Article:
[CrossRef] [PubMed] [Google Scholar]
  14. , , , , , , et al. Regulatory considerations for the clinical and research use of transcranial direct current stimulation (tDCS): Review and recommendations from an expert panel. Clin Res Regul Aff. 2015;32:22-35.
    [CrossRef] [PubMed] [Google Scholar]
  15. , , , , , . A systematic review on reporting and assessment of adverse effects associated with transcranial direct current stimulation. Int J Neuropsychopharmacol. 2011;14:1133-45.
    [CrossRef] [PubMed] [Google Scholar]
  16. . Pharmaco-transcranial magnetic stimulation studies of motor excitability. Handb Clin Neurol. 2013;116:387-97.
    [CrossRef] [PubMed] [Google Scholar]
  17. , , , , , , et al. Induced effects of transcranial magnetic stimulation on the autonomic nervous system and the cardiac rhythm. ScientificWorldJournal. 2014;2014:349718.
    [CrossRef] [PubMed] [Google Scholar]
  18. , , , . Combined effect of prefrontal transcranial direct current stimulation and a working memory task on heart rate variability. PLoS One. 2017;12:e0181833.
    [CrossRef] [PubMed] [Google Scholar]
  19. , , , , , . Differential actions of antidepressant treatments on cardiac autonomic alterations in depression: A prospective comparison. Asian J Psychiatr. 2011;4:100-6.
    [CrossRef] [PubMed] [Google Scholar]
  20. , , , , . Theta-burst stimulation and frontotemporal regulation of cardiovascular autonomic outputs: The role of state anxiety. Int J Psychophysiol. 2020;149:25-34.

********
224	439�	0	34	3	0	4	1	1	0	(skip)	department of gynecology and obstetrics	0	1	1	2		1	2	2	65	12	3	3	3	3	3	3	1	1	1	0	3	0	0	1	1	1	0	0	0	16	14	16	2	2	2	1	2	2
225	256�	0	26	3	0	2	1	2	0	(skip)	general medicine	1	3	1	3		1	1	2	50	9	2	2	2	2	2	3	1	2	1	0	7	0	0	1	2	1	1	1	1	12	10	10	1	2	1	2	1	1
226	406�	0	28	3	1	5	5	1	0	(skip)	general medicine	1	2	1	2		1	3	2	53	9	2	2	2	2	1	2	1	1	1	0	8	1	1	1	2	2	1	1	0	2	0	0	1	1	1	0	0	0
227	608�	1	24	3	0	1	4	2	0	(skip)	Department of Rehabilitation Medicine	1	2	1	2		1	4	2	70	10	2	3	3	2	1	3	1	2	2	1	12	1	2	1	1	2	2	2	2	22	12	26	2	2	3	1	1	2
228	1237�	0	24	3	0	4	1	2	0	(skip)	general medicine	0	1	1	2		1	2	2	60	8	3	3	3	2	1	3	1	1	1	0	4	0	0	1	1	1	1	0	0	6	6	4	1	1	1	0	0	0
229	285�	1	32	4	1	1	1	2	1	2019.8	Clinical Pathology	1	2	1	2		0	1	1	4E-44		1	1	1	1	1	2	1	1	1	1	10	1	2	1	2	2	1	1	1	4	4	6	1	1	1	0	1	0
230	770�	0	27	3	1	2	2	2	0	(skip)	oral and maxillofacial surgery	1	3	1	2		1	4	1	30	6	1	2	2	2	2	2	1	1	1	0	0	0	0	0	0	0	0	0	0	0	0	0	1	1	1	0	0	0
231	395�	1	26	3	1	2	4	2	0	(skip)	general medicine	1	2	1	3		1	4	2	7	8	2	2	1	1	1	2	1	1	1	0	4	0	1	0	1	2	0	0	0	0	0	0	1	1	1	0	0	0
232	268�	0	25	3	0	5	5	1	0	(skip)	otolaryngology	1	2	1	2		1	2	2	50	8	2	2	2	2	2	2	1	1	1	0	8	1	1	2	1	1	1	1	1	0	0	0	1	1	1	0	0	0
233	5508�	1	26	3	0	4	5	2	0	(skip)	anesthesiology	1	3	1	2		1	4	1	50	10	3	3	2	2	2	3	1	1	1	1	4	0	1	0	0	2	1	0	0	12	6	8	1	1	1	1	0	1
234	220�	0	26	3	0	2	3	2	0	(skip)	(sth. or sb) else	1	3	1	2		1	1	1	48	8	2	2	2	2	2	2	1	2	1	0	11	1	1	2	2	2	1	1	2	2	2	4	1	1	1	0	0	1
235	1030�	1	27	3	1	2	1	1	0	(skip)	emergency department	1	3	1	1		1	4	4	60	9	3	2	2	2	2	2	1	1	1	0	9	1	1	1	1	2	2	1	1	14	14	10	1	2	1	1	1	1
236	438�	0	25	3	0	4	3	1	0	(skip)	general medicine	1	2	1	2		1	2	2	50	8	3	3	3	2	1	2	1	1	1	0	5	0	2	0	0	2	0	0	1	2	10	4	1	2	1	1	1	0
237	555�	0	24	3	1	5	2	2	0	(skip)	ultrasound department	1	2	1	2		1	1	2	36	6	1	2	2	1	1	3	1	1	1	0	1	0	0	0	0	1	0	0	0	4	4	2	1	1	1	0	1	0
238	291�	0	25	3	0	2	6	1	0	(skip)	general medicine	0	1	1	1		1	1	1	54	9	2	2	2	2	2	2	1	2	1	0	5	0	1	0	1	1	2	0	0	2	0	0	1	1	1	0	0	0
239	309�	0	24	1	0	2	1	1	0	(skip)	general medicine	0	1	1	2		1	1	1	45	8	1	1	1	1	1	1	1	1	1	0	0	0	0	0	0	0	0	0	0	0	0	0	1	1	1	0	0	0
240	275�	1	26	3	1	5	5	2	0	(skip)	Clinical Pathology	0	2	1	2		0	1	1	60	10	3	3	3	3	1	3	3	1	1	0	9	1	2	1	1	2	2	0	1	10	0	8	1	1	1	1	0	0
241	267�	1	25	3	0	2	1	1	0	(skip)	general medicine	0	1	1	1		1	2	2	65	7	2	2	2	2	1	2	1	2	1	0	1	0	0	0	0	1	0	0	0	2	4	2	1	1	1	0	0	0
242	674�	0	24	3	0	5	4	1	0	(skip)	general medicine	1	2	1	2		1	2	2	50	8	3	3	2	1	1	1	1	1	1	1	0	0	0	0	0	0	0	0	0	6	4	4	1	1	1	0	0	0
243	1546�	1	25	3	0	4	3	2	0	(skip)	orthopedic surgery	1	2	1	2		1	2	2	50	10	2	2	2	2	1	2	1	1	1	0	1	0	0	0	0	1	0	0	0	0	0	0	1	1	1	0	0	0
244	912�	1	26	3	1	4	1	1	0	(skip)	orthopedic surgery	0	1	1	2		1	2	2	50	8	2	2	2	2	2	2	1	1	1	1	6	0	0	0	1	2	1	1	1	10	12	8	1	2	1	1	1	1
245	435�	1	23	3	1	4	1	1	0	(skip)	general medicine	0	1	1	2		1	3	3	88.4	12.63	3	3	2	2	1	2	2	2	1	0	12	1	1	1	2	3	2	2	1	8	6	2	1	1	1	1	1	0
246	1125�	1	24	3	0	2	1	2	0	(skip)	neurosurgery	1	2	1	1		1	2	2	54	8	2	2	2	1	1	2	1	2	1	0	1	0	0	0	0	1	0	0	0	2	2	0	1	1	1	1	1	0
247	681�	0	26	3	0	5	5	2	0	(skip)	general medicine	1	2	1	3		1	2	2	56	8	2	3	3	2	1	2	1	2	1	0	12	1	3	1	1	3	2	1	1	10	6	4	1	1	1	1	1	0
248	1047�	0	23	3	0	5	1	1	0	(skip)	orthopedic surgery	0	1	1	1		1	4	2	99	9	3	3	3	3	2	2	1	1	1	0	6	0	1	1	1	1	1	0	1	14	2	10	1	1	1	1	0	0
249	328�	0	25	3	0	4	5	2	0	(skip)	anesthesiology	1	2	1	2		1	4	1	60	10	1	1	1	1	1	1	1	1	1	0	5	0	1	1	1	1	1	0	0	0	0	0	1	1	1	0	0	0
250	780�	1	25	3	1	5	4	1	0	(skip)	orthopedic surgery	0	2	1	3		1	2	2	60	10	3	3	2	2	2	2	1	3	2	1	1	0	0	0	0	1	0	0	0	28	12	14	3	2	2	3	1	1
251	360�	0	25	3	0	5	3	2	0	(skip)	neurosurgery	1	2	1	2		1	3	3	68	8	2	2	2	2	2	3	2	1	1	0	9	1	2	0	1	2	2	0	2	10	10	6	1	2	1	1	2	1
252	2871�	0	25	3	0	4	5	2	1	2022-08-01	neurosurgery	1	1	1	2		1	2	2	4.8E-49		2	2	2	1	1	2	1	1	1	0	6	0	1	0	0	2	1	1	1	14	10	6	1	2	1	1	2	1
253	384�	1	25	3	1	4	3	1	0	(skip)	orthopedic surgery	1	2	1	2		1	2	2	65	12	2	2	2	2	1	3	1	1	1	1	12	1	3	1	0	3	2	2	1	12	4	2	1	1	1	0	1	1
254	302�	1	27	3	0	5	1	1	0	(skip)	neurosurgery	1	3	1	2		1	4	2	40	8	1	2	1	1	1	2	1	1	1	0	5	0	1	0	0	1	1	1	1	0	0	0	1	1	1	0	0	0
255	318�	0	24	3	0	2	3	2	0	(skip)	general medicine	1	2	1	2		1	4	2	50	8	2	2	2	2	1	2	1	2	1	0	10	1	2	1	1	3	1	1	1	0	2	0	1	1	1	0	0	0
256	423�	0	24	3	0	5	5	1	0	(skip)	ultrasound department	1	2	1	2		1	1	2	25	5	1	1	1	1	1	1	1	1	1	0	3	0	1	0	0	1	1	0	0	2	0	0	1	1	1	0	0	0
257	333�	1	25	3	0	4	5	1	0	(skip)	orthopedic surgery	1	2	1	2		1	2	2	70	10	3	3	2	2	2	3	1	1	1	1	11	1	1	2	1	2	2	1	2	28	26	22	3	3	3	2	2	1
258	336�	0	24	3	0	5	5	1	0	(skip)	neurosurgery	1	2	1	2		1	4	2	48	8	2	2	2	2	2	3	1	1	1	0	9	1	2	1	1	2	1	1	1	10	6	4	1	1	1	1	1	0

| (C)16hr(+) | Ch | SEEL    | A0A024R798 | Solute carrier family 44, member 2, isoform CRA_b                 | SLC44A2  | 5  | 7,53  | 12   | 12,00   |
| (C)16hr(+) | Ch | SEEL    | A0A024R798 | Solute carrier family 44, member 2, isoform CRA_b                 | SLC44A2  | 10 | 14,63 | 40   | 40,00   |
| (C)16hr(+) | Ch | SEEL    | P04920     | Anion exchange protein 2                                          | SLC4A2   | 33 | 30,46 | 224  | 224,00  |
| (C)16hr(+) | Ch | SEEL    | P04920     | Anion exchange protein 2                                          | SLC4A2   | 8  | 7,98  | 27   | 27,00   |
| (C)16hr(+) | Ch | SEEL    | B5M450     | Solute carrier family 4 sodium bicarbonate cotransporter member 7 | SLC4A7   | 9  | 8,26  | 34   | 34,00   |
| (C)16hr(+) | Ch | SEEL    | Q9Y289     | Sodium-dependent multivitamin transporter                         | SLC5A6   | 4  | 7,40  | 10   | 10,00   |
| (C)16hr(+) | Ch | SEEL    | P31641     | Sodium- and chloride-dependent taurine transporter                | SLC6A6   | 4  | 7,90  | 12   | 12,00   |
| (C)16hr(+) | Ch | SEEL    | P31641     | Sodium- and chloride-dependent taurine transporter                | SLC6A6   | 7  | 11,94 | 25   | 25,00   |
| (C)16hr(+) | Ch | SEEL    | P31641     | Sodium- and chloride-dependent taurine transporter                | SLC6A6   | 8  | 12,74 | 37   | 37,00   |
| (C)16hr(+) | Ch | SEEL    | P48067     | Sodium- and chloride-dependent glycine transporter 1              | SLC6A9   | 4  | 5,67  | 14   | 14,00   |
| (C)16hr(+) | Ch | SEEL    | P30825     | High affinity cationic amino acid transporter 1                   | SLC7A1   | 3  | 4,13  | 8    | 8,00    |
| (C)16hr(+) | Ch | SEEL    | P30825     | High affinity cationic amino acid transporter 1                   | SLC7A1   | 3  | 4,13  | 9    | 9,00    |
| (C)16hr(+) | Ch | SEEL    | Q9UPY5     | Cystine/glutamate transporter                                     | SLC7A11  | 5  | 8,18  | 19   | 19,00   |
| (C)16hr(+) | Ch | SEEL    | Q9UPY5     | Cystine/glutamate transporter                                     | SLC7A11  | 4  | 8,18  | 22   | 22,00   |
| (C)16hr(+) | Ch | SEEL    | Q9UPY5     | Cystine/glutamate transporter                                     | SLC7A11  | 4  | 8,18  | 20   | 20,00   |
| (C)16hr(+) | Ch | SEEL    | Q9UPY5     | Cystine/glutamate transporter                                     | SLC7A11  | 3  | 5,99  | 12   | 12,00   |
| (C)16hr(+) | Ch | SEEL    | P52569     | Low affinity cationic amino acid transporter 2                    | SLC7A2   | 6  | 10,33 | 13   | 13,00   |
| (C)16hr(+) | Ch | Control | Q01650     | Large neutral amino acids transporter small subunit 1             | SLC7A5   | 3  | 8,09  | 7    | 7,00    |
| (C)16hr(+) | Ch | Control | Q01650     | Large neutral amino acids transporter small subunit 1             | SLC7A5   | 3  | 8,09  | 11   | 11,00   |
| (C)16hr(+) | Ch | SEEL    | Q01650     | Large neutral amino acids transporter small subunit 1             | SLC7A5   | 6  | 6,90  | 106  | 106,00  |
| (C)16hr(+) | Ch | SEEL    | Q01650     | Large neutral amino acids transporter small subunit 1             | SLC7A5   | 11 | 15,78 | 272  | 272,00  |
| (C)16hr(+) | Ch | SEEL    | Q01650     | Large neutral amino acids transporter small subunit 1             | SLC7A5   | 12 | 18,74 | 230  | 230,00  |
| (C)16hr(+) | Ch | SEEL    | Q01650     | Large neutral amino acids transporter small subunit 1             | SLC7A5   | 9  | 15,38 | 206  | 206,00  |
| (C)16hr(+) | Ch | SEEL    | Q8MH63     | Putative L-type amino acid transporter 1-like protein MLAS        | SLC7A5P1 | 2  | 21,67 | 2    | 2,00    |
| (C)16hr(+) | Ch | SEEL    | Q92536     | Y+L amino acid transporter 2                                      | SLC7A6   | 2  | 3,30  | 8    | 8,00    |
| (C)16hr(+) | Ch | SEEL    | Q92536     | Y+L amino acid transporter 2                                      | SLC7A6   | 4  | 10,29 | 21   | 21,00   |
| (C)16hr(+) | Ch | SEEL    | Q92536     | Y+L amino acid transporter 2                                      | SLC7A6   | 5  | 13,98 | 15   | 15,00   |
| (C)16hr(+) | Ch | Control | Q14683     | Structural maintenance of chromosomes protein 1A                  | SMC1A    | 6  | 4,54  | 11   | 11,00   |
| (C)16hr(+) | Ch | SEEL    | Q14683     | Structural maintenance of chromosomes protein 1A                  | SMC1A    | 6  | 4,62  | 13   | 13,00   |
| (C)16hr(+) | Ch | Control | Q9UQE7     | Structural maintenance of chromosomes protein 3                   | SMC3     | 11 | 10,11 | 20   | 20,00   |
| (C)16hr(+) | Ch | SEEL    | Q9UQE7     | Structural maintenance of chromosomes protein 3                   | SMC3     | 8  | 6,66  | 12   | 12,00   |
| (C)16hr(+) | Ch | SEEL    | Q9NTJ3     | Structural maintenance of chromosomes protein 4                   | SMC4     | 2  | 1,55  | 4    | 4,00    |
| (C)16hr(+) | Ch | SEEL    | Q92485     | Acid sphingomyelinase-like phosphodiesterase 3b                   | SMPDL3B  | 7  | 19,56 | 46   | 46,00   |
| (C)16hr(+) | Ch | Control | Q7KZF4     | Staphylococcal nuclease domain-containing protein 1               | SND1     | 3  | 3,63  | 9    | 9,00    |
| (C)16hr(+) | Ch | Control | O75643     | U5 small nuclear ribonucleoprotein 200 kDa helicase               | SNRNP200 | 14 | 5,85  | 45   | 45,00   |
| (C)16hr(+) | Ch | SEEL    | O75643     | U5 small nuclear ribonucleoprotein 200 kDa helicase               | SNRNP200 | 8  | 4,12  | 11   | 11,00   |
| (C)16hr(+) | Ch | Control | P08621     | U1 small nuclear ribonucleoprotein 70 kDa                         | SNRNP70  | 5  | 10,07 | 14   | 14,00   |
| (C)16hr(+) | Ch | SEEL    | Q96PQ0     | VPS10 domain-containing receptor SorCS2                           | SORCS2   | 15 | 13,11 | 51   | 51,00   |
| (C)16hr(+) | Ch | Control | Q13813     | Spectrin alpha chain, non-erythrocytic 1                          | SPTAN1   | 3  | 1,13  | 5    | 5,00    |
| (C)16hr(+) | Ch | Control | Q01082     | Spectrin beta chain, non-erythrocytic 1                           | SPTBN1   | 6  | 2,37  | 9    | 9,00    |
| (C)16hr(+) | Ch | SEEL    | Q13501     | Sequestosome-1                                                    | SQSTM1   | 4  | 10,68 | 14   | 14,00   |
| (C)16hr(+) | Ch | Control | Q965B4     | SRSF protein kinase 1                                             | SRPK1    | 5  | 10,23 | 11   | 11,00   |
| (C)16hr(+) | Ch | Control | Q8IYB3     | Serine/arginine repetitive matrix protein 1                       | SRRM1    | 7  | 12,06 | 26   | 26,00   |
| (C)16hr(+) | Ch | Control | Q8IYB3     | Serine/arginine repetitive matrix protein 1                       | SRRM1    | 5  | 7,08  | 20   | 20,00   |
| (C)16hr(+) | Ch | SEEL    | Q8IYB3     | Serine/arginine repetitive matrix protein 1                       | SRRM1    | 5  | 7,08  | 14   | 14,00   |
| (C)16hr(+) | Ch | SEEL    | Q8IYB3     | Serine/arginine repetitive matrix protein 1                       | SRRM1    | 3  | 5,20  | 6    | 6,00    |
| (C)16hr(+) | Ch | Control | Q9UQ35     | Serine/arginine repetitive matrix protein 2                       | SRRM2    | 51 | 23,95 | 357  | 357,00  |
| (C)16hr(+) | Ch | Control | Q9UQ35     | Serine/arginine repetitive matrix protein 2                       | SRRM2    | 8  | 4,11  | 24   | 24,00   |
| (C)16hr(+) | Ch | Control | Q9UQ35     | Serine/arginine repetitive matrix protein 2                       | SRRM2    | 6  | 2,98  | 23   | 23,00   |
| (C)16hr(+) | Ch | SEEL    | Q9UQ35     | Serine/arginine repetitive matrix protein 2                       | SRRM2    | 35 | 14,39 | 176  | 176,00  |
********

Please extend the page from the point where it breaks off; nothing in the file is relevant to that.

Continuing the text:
[CrossRef] [PubMed] [Google Scholar]
  21. , , , , . Use of theta-burst stimulation in changing excitability of motor cortex: A systematic review and meta-analysis. Neurosci Biobehav Rev. 2016;63:43-64.
    [CrossRef] [PubMed] [Google Scholar]
  22. , , . Selective modulation of intracortical inhibition by low-intensity theta burst stimulation. Clin Neurophysiol. 2009;120:820-6.
    [CrossRef] [PubMed] [Google Scholar]
  23. , , , . Determination of anodal tDCS duration threshold for reversal of corticospinal excitability: An investigation for induction of counter-regulatory mechanisms. Brain Stimul. 2020;13:832-9.
    [CrossRef] [PubMed] [Google Scholar]
  24. , , , , , . Transcranial direct-current stimulation combined with attention increases cortical excitability and improves motor learning in healthy volunteers. J Neuroeng Rehabil. 2020;17:23.
    [CrossRef] [PubMed] [Google Scholar]
  25. , , , , , , et al. Polarity-sensitive modulation of cortical neurotransmitters by transcranial stimulation. J Neurosci. 2009;29:5202-6.
    [CrossRef] [PubMed] [Google Scholar]
  26. , , , , . Accounting for individual differences in the response to tDCS with baseline levels of neurochemical excitability. Cortex. 2019;115:324-34.
    [CrossRef] [PubMed] [Google Scholar]
Show Sections